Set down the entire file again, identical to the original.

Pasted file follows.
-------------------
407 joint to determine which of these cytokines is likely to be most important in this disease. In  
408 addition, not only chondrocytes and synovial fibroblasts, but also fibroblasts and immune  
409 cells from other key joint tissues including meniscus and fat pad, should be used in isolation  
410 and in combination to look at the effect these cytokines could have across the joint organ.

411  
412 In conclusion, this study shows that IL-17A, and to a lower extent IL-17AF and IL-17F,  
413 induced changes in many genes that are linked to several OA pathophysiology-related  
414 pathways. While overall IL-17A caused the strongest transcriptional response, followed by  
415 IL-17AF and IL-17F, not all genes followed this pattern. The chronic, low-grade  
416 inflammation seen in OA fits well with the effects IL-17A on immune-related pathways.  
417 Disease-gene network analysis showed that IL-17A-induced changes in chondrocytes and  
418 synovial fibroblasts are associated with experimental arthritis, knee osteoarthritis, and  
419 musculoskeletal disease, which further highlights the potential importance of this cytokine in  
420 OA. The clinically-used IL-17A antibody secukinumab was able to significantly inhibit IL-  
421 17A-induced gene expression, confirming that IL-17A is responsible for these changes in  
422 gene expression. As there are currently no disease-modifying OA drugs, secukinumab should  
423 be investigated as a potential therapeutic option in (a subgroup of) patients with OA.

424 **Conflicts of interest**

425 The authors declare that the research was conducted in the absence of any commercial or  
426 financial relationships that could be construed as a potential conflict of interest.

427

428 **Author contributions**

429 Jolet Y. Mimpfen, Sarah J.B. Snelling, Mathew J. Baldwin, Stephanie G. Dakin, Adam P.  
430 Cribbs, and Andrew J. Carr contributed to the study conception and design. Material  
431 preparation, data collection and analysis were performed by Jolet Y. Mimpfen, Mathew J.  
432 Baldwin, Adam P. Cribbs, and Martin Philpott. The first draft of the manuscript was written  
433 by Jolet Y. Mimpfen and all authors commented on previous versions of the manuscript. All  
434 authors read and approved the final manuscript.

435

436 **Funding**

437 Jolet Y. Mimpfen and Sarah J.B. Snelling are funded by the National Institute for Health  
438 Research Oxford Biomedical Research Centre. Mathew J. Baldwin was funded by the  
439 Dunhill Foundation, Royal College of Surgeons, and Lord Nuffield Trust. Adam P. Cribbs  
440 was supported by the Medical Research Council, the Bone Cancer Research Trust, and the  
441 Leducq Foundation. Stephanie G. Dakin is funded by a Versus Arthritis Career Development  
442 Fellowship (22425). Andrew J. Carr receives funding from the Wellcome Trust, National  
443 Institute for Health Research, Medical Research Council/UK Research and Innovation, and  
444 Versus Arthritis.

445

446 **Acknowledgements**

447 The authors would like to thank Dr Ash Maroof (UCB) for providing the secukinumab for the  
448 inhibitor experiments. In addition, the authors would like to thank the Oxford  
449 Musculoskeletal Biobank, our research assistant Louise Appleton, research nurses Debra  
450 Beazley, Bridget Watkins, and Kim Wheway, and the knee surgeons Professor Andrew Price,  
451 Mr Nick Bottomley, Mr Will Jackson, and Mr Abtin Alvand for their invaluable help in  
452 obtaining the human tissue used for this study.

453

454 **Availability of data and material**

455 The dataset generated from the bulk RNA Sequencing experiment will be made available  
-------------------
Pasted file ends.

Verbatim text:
407 joint to determine which of these cytokines is likely to be most important in this disease. In  
408 addition, not only chondrocytes and synovial fibroblasts, but also fibroblasts and immune  
409 cells from other key joint tissues including meniscus and fat pad, should be used in isolation  
410 and in combination to look at the effect these cytokines could have across the joint organ.

411  
412 In conclusion, this study shows that IL-17A, and to a lower extent IL-17AF and IL-17F,  
413 induced changes in many genes that are linked to several OA pathophysiology-related  
414 pathways. While overall IL-17A caused the strongest transcriptional response, followed by  
415 IL-17AF and IL-17F, not all genes followed this pattern. The chronic, low-grade  
416 inflammation seen in OA fits well with the effects IL-17A on immune-related pathways.  
417 Disease-gene network analysis showed that IL-17A-induced changes in chondrocytes and  
418 synovial fibroblasts are associated with experimental arthritis, knee osteoarthritis, and  
419 musculoskeletal disease, which further highlights the potential importance of this cytokine in  
420 OA. The clinically-used IL-17A antibody secukinumab was able to significantly inhibit IL-  
421 17A-induced gene expression, confirming that IL-17A is responsible for these changes in  
422 gene expression. As there are currently no disease-modifying OA drugs, secukinumab should  
423 be investigated as a potential therapeutic option in (a subgroup of) patients with OA.

424 **Conflicts of interest**

425 The authors declare that the research was conducted in the absence of any commercial or  
426 financial relationships that could be construed as a potential conflict of interest.

427

428 **Author contributions**

429 Jolet Y. Mimpfen, Sarah J.B. Snelling, Mathew J. Baldwin, Stephanie G. Dakin, Adam P.  
430 Cribbs, and Andrew J. Carr contributed to the study conception and design. Material  
431 preparation, data collection and analysis were performed by Jolet Y. Mimpfen, Mathew J.  
432 Baldwin, Adam P. Cribbs, and Martin Philpott. The first draft of the manuscript was written  
433 by Jolet Y. Mimpfen and all authors commented on previous versions of the manuscript. All  
434 authors read and approved the final manuscript.

435

436 **Funding**

437 Jolet Y. Mimpfen and Sarah J.B. Snelling are funded by the National Institute for Health  
438 Research Oxford Biomedical Research Centre. Mathew J. Baldwin was funded by the  
439 Dunhill Foundation, Royal College of Surgeons, and Lord Nuffield Trust. Adam P. Cribbs  
440 was supported by the Medical Research Council, the Bone Cancer Research Trust, and the  
441 Leducq Foundation. Stephanie G. Dakin is funded by a Versus Arthritis Career Development  
442 Fellowship (22425). Andrew J. Carr receives funding from the Wellcome Trust, National  
443 Institute for Health Research, Medical Research Council/UK Research and Innovation, and  
444 Versus Arthritis.

445

446 **Acknowledgements**

447 The authors would like to thank Dr Ash Maroof (UCB) for providing the secukinumab for the  
448 inhibitor experiments. In addition, the authors would like to thank the Oxford  
449 Musculoskeletal Biobank, our research assistant Louise Appleton, research nurses Debra  
450 Beazley, Bridget Watkins, and Kim Wheway, and the knee surgeons Professor Andrew Price,  
451 Mr Nick Bottomley, Mr Will Jackson, and Mr Abtin Alvand for their invaluable help in  
452 obtaining the human tissue used for this study.

453

454 **Availability of data and material**

455 The dataset generated from the bulk RNA Sequencing experiment will be made available  